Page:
GFI vs. GFCI: The Differences Explained
Ground fault circuit interrupters, or GFCIs, are a safety feature in homes, as they instantly shut off a circuit when a spike or disruption in current is detected (like a circuit breaker). They’re installed where electricity may contact water, such as a bathroom, kitchen, basement, laundry area, or garage. Electricians often encounter those asking about the differences between GFI vs. GFCI circuits. It’s often discussed in electrical discussion forums as well.
The truth is—there is none.
There is, however, a slight technical difference when referring to each term. Electricians sometimes refer to a GFCI when talking about a breaker on the electrical panel that protects the whole circuit. Meanwhile, a GFI may refer to a local ground fault interrupter at an outlet. This device would be reset at the outlet if it trips, rather than at the panel. An inline GFI protector plugs into an outlet or extension cord and may be used for appliances.
How They Work
The purpose and function of a GFI vs. GFCI is the same. It is designed to prevent shocks, burns, or electrocution due to exposure to electric current. A GFCI/GFI continuously senses the amount of current passing through the hot and neutral wires. If there’s any loss of current, even as little 4 or 5 milliamps, it will trip. The electric field around the wire is measured by a coil. If there’s a sudden change in the current flowing through the conductors, the GFCI trips in about 20 to 30 milliseconds.
Each GFCI breaker has a test function. Pressing this button triggers a ground leakage. The button is insulated to protect the user, but the effect is the same and causes the breaker to trip. You should use this regularly to determine if the device is working correctly. If not, the GFCI breaker should be replaced. Generally, it should last about 10 to 15 years.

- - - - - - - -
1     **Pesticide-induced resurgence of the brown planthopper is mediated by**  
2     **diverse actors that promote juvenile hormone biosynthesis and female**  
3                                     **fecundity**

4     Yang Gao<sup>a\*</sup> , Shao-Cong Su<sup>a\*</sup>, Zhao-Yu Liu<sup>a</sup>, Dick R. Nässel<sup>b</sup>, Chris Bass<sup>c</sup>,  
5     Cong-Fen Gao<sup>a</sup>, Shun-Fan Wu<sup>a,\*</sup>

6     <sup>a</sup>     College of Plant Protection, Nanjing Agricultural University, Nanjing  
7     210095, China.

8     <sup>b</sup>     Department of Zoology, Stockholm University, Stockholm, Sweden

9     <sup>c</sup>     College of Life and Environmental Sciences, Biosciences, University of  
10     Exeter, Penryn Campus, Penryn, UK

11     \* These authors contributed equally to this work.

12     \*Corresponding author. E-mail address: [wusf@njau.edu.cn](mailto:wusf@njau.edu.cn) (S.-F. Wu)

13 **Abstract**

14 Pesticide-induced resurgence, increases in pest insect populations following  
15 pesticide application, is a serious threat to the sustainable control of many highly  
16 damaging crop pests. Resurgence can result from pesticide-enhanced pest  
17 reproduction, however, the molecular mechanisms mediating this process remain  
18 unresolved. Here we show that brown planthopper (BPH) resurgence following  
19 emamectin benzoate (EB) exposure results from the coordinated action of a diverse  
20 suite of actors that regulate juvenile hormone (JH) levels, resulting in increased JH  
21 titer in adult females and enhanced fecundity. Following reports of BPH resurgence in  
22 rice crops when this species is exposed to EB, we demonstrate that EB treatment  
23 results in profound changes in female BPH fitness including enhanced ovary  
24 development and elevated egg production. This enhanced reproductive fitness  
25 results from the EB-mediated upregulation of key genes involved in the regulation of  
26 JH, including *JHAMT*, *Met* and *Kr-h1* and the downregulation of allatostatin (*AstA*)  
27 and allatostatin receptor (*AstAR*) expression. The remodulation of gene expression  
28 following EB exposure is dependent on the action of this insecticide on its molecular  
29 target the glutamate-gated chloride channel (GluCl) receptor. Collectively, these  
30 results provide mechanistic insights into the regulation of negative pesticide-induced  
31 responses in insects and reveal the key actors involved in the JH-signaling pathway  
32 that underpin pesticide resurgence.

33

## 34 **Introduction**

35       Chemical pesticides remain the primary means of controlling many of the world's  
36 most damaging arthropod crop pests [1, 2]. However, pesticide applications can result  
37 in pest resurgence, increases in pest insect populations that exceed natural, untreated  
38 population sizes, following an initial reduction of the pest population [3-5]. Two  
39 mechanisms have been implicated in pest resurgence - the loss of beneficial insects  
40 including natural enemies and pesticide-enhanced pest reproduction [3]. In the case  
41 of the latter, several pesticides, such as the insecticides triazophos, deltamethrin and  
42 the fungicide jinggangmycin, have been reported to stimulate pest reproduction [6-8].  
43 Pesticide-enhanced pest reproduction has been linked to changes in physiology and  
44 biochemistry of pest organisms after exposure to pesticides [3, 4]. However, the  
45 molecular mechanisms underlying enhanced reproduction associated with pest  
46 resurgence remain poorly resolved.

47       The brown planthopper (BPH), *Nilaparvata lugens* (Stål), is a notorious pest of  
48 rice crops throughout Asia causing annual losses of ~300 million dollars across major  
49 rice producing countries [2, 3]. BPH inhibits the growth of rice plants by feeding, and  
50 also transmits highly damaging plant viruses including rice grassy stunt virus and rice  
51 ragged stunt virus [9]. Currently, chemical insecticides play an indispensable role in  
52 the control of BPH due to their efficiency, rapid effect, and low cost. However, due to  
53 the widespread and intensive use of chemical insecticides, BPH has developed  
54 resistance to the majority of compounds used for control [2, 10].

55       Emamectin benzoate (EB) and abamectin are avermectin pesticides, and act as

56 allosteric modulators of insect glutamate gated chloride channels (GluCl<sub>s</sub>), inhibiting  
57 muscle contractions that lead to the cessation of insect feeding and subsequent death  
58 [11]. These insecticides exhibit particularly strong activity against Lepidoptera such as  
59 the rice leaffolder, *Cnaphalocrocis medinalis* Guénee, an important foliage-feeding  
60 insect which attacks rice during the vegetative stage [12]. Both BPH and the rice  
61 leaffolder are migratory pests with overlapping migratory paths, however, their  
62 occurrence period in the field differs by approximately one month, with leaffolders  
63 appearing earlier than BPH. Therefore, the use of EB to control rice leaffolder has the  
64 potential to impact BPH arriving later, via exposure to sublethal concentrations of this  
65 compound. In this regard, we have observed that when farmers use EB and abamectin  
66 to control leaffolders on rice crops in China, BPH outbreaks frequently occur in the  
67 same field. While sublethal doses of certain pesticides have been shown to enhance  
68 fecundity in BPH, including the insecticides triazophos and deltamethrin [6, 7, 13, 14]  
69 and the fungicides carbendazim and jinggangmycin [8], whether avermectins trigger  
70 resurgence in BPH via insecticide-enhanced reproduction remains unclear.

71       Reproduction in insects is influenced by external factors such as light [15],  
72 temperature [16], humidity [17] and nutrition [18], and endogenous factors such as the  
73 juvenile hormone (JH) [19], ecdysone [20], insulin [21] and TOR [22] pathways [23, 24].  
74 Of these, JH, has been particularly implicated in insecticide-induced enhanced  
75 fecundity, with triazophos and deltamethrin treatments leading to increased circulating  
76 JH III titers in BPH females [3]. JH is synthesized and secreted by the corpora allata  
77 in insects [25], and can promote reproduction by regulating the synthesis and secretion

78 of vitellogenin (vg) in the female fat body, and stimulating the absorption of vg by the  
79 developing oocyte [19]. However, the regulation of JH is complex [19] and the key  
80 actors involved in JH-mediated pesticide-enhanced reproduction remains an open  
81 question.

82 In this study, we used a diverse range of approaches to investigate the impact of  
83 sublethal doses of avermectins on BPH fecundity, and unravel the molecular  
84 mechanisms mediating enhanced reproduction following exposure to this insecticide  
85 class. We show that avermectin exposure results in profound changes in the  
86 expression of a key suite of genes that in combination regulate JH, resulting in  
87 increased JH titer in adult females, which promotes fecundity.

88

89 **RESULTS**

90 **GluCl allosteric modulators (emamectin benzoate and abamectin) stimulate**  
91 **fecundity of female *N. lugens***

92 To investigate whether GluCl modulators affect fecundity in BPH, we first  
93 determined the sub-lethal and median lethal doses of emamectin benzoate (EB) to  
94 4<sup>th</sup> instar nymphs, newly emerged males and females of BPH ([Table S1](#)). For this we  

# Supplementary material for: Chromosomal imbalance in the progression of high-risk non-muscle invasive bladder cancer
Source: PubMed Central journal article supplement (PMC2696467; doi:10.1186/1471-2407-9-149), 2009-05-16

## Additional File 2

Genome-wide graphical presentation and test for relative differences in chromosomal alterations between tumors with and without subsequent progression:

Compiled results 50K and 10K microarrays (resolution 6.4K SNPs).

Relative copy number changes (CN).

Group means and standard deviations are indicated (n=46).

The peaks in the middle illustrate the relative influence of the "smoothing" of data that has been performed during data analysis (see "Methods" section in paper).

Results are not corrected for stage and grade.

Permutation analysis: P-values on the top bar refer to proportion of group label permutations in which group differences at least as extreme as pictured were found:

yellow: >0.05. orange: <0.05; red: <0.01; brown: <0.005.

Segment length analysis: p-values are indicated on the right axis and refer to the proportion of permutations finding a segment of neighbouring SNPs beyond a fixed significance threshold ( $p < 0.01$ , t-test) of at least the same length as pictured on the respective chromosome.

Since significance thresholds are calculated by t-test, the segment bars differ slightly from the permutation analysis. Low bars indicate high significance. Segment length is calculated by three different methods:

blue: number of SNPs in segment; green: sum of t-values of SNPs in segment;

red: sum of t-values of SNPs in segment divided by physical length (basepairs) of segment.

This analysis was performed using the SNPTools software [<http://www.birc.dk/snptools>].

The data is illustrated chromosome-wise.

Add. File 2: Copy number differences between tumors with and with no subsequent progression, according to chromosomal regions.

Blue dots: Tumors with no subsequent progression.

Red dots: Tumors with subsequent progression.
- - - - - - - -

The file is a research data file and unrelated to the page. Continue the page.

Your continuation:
How Does a GFCI Fail?
GFCIs and GFIs are extremely reliable. This is great because a ground fault is very dangerous. It is an electric current short-circuited directly to the ground. Normally, this current is directed back to the source by the neutral wire. But if there’s damaged insulation or an external conductor such as water, the current will instead flow directly to the ground, which is extremely bad if something else is in the way, such as a human body.
GFCIs wear out with age. They can also fail due to exposure to moisture. Lightning or another sudden surge, light, heat, and chemical hazards can damage them as well. Repeated surges, no matter how small, can strain the breaker, and eventually, you won’t be able to reset it.
What to Do If a GFCI or GFI Trips
Since both terms are generally the same thing, follow the same procedure if one trips. You need to find out the cause of the trip, so start by unplugging everything connected to the GFCI. Reset the breaker once there’s no load on the circuit. Then plug in a light. If it works, the GFCI and its internal wiring are working properly and the issue points to one of the appliances that were plugged in.
Plug in each appliance previously connected, one at a time. When the breaker trips, you can determine the appliance that is faulty. The most common reasons are damaged insulation or moisture. If there’s an issue, use a multimeter to test for continuity between the wiring and the appliance itself. Washing machines and refrigerators often cause GFCIs to trip because they are prone to collecting moisture. Sometimes, the GFI will work again after the moisture evaporates and you plug the appliance back in.
If there’s a wiring problem, the breaker may trip with no load or a load within its rating. Check for moisture contact, a damaged outlet, evidence of burning, or cracked wire insulation. Otherwise, you can assume the GFCI is not functioning properly and needs to be replaced.
Contact Express Electrical Services
At Express Electrical Services, we specialize in GFCI/GFI outlet installation, repair, and replacement. Only an experienced electrician should perform these services. We’re also trusted throughout Los Angeles and Southern California for all types of electrical services, including 24/7 emergency assistance. To learn more about what we do and about the difference between GFI vs. GFCI, call 323-727-7799 today.